Section 2.314 creates an implied warranty that the goods shall be merchantable such that the goods: "(1) pass without objection in the trade under the contract description; (2) in the case of fungible goods, are of fair average quality within the description; (3) are fit for the ordinary purposes for which such goods are used; (4) run, within the variations permitted by the agreement, of even kind, quality and quantity within each unit and among all units involved; (5) are adequately contained, packaged, and labeled as the agreement may require; and (6) conform to the promises or affirmations of fact made on the container or label if any." TEX. BUS. & COM. CODE § 2.314. Section 2.315 creates an implied warranty that the clubs shall be fit for a particular purpose "[w]here the seller at the time of contracting has reason to know any particular purpose for which the goods are required and that the buyer is relying on the seller's skill or judgment to select or furnish suitable goods." TEX. BUS. & COM. CODE § 2.315. Contrary to Defendants' assertions, the Court finds Plaintiffs have created a genuine issue of material fact regarding whether the clubs were suitable or fit for use by children. The sales materials offered by Plaintiffs indicate that the clubs were marketed specifically for use by children of varying skill levels. The Court finds that Rick Jackson's testimony and the testimony of FEMCO and USKG representatives in the summary judgment record leave it for the jury to determine whether suitable and foreseeable use of the clubs would include possible improper use or misuse by a child golfer. Defendants argue that Plaintiffs' action for breach of the implied warranty of merchantability are barred by Plaintiffs' strict liability claim pursuant to the Texas Supreme Court's decision in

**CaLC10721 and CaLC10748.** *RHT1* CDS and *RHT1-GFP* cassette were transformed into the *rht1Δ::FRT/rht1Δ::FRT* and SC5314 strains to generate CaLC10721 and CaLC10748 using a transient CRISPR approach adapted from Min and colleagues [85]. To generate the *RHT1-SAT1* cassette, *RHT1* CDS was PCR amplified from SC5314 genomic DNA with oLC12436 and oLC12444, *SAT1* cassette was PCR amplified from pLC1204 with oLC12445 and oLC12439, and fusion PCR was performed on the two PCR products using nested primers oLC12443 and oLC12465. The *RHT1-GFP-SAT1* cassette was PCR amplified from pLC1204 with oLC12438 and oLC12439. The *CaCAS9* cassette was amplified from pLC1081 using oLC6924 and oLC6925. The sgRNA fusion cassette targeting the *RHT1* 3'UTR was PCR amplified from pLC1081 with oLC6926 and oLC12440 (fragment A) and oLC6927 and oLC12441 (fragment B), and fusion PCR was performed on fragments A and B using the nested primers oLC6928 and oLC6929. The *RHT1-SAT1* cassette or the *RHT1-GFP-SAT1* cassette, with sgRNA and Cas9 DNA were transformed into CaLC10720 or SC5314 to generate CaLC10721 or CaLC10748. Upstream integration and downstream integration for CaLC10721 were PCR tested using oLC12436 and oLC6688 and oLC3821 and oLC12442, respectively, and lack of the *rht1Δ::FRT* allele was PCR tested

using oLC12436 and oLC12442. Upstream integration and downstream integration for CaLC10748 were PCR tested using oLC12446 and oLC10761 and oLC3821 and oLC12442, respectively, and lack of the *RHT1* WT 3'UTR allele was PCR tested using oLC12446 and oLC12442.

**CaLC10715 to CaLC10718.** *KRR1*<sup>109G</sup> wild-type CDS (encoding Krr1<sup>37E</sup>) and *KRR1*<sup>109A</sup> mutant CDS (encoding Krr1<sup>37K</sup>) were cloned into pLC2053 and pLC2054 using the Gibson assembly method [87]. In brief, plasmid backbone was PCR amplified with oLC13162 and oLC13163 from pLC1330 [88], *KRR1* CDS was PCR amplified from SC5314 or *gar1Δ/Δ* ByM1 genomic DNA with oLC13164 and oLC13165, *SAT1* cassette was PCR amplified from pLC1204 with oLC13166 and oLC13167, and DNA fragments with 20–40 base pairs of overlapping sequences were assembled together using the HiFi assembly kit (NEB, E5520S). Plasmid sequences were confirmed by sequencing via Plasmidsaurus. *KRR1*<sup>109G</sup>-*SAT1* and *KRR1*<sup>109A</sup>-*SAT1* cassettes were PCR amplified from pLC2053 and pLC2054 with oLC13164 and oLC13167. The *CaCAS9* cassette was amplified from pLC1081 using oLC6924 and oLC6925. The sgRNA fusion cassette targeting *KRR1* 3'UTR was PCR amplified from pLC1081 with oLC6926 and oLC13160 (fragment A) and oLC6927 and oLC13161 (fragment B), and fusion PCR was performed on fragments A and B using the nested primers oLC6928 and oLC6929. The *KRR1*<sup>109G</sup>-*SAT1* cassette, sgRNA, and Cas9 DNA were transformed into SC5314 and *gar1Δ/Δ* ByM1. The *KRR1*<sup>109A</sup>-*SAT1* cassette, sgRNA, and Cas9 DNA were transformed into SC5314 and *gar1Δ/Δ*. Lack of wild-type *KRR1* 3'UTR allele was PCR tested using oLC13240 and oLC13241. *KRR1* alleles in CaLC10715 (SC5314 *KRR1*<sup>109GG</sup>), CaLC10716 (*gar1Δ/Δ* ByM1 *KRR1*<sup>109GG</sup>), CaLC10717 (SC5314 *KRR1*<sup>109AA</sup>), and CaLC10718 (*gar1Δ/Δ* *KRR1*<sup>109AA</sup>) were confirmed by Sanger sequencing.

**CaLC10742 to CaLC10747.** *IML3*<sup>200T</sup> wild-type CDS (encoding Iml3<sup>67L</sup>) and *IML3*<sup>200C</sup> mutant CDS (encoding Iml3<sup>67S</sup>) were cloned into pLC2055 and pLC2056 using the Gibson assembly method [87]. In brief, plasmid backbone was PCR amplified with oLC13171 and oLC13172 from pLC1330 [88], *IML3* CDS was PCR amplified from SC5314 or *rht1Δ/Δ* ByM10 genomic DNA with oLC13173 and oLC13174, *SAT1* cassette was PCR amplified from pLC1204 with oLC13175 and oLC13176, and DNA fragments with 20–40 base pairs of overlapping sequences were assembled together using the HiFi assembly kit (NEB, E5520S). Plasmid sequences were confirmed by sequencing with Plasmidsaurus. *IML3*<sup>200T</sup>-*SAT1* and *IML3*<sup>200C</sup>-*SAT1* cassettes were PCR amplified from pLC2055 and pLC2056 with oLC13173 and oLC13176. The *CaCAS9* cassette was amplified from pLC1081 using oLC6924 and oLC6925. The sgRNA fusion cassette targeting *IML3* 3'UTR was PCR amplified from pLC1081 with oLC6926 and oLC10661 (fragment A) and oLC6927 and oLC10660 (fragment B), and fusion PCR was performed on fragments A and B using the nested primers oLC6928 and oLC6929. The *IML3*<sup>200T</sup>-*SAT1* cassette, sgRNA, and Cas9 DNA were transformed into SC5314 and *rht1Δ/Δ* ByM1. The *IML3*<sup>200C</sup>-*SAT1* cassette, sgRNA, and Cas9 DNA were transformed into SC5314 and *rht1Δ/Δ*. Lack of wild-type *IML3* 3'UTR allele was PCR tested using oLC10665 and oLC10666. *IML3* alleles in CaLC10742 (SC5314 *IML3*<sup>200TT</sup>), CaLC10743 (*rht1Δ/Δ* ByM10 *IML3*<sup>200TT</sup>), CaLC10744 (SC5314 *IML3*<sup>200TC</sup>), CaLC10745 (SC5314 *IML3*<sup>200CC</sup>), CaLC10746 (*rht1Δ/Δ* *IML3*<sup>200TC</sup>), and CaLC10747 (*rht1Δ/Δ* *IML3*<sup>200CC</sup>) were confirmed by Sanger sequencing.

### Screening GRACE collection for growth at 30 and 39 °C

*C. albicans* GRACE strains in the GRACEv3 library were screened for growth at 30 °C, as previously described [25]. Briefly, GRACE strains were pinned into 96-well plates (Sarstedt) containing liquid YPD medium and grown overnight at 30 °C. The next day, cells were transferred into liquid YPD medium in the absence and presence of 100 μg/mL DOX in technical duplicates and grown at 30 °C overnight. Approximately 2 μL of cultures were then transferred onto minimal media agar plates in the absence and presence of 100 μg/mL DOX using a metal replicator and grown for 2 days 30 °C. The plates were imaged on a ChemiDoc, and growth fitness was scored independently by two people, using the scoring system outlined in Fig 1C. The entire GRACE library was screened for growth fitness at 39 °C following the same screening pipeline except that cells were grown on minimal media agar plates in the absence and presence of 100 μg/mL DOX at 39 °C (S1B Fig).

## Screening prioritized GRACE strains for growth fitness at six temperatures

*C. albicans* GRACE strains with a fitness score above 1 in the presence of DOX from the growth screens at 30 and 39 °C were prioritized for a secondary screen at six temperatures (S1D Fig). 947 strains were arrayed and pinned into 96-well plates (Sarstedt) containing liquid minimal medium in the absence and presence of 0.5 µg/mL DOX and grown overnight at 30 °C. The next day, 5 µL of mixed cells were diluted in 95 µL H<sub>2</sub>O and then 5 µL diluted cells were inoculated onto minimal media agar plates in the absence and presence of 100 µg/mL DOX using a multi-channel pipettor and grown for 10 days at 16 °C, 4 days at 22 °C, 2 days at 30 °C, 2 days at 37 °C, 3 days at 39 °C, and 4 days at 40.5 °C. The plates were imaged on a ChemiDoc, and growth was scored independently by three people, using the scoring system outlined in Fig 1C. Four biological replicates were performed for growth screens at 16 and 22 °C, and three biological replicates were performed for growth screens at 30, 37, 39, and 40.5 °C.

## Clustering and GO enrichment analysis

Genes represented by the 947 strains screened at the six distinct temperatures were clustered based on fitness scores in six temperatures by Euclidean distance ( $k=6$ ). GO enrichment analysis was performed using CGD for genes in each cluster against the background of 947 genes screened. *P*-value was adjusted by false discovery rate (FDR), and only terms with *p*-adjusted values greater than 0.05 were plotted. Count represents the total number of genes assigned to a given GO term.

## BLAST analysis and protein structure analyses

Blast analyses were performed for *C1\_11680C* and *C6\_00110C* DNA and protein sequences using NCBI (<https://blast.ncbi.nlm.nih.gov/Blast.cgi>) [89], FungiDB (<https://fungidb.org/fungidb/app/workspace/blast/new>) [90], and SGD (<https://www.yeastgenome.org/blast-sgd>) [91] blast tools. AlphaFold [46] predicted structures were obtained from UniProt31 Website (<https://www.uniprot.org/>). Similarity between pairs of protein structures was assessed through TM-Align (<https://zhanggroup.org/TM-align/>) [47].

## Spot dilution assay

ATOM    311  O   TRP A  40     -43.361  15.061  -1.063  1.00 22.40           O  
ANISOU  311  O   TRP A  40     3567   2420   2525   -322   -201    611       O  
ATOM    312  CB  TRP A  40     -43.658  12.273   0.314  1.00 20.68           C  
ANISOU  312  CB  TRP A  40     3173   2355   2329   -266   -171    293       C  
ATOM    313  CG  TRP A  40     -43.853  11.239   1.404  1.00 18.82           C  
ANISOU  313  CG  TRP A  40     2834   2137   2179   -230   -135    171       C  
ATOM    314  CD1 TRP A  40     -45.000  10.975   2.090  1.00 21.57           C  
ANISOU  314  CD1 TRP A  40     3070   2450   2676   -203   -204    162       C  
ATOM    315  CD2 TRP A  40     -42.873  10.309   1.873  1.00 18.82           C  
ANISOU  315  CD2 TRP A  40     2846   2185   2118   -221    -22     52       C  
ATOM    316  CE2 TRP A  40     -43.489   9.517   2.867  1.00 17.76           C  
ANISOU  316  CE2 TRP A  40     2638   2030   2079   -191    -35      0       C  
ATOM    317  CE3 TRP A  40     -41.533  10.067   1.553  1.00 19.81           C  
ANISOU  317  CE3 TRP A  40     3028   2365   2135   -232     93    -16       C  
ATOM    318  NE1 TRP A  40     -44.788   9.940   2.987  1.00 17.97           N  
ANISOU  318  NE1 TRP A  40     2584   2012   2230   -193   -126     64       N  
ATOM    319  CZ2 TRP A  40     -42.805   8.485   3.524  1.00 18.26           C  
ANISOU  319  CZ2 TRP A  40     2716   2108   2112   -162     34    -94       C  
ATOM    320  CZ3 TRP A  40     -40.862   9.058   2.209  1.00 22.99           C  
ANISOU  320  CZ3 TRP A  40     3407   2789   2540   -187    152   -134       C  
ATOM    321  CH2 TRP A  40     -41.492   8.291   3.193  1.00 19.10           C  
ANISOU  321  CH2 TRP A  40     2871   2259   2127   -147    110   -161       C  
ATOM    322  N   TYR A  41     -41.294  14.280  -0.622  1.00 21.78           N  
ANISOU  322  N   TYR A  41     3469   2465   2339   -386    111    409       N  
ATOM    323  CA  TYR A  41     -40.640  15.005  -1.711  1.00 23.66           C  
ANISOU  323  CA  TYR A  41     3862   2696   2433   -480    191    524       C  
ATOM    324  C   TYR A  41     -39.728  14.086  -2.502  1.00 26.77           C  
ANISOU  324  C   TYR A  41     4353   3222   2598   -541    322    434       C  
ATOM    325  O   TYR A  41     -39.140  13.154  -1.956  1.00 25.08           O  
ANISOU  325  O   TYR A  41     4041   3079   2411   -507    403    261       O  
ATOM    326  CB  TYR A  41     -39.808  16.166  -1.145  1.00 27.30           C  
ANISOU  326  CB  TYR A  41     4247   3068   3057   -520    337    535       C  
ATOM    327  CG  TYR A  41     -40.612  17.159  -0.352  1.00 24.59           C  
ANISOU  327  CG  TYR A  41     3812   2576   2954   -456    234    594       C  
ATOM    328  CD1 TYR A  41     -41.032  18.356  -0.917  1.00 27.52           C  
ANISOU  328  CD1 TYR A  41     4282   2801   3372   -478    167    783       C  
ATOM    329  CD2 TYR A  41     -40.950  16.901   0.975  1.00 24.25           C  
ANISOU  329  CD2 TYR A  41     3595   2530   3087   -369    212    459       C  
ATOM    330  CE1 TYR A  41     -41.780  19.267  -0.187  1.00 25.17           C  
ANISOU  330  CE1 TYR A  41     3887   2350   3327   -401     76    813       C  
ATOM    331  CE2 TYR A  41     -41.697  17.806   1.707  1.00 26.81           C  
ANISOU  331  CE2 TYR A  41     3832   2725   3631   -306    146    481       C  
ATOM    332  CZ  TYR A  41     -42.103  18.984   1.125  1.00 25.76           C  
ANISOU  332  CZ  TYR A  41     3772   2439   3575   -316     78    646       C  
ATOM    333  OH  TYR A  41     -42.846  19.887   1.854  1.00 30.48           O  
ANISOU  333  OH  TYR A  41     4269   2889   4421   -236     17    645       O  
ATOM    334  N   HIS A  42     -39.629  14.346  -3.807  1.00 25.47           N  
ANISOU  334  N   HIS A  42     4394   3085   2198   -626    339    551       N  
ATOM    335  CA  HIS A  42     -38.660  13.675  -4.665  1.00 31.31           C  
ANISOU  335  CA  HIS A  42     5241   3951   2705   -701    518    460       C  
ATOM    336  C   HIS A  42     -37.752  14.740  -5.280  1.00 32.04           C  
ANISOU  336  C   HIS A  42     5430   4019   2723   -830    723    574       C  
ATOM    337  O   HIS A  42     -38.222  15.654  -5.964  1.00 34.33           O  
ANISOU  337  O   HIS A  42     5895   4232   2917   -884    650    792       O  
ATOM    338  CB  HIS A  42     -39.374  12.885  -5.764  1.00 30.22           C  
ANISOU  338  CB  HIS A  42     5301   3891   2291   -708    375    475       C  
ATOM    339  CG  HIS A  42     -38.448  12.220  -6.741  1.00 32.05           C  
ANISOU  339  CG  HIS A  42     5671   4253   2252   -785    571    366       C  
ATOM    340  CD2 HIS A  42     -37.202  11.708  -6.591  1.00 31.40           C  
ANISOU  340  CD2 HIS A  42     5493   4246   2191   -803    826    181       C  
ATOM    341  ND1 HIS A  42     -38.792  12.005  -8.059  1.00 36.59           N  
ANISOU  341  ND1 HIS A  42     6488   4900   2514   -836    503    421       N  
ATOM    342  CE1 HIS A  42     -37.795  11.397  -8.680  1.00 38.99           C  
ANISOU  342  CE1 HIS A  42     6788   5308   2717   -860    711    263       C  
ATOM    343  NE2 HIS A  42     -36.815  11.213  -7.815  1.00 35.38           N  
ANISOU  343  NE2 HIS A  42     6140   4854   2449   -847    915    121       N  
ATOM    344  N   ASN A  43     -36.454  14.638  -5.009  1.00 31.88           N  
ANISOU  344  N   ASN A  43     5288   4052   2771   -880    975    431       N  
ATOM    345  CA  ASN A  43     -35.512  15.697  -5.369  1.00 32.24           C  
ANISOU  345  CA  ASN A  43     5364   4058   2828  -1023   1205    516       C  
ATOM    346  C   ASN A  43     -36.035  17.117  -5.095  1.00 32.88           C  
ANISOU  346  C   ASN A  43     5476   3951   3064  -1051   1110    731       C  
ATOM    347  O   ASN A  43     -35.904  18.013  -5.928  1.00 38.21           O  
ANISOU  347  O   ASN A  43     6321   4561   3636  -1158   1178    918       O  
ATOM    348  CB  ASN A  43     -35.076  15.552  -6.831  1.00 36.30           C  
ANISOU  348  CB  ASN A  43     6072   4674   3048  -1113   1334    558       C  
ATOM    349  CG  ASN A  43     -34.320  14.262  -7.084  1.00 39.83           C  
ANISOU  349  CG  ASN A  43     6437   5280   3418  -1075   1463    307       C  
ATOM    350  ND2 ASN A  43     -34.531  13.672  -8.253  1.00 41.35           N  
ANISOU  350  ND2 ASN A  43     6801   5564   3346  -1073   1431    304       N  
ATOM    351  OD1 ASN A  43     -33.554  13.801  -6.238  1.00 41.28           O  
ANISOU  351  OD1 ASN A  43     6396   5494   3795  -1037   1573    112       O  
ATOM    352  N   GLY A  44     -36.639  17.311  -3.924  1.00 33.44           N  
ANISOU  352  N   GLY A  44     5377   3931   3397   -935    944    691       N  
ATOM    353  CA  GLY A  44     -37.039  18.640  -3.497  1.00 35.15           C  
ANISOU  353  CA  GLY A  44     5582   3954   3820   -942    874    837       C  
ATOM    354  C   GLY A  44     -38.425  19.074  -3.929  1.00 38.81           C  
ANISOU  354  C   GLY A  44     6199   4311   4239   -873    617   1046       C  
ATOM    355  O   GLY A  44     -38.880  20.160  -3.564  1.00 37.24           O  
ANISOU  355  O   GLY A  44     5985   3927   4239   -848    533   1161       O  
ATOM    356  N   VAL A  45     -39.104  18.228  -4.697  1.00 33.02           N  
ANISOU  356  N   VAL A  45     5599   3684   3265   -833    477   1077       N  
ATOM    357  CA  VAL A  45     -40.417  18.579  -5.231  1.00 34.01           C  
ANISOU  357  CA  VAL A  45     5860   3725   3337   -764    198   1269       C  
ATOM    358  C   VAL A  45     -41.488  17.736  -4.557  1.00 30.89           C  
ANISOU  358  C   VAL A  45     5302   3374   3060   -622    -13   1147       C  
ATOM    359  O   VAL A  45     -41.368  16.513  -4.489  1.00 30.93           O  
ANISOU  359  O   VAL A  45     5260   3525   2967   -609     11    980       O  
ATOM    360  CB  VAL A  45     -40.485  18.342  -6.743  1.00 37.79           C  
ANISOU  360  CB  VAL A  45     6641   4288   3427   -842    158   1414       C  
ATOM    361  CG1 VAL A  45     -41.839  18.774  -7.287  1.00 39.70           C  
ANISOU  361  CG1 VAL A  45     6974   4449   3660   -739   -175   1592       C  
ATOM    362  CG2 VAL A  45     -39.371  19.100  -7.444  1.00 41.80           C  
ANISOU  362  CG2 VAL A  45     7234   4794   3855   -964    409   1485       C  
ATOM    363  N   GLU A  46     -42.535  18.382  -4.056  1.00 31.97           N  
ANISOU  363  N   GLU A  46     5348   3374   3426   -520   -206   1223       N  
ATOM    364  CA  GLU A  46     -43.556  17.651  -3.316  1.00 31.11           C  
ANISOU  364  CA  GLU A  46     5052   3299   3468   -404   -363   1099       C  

Hyundai Motor Co. v. Rodriguez, 995 S.W.2d 661 (Tex. 1999). The Court is not convinced. In that case, the Texas Supreme Court affirmed the trial court's refusal to submit both the issue of strict liability and the issue of breach of implied warranty to the jury because the breach of implied warranty of merchantability claim and strict liability claim involved an "identical factual determination." Id. at 666. Here, the record creates a genuine issue of material fact regarding whether Plaintiffs' breach of implied warranty and strict liability claims are "functionally identical," and the facts and pleadings before the Court create the possibility that some defects alleged related "only to [Plaintiffs'] strict liability claim and some only to [Plaintiffs'] breach-of implied warranty claim." Id. at 665. Moreover, the Court notes that in upholding the trial court's refusal to submit both strict liability and breach of the implied warranty, the Hyundai Court noted the need to balance the trial court's obligation to "obtain fact findings on all theories pleaded and supported by evidence" and the need to avoid confusing "the jury by submitting differently worded questions that call for the same factual finding." Id. at 665-66. In fact, in Hyundai, the trial court considered all the evidence presented at trial before determining that the issues of both strict liability and breach of implied warranty could not be submitted to the jury. Accordingly, the Court finds that, at the very least, the summary judgment phase is not the proper juncture to consider Defendants' arguments and that Defendants' can re-urge the issue and the implications of Hyundai once all of the evidence has been submitted to the jury. At this time, therefore, summary judgment as to those claims should be denied.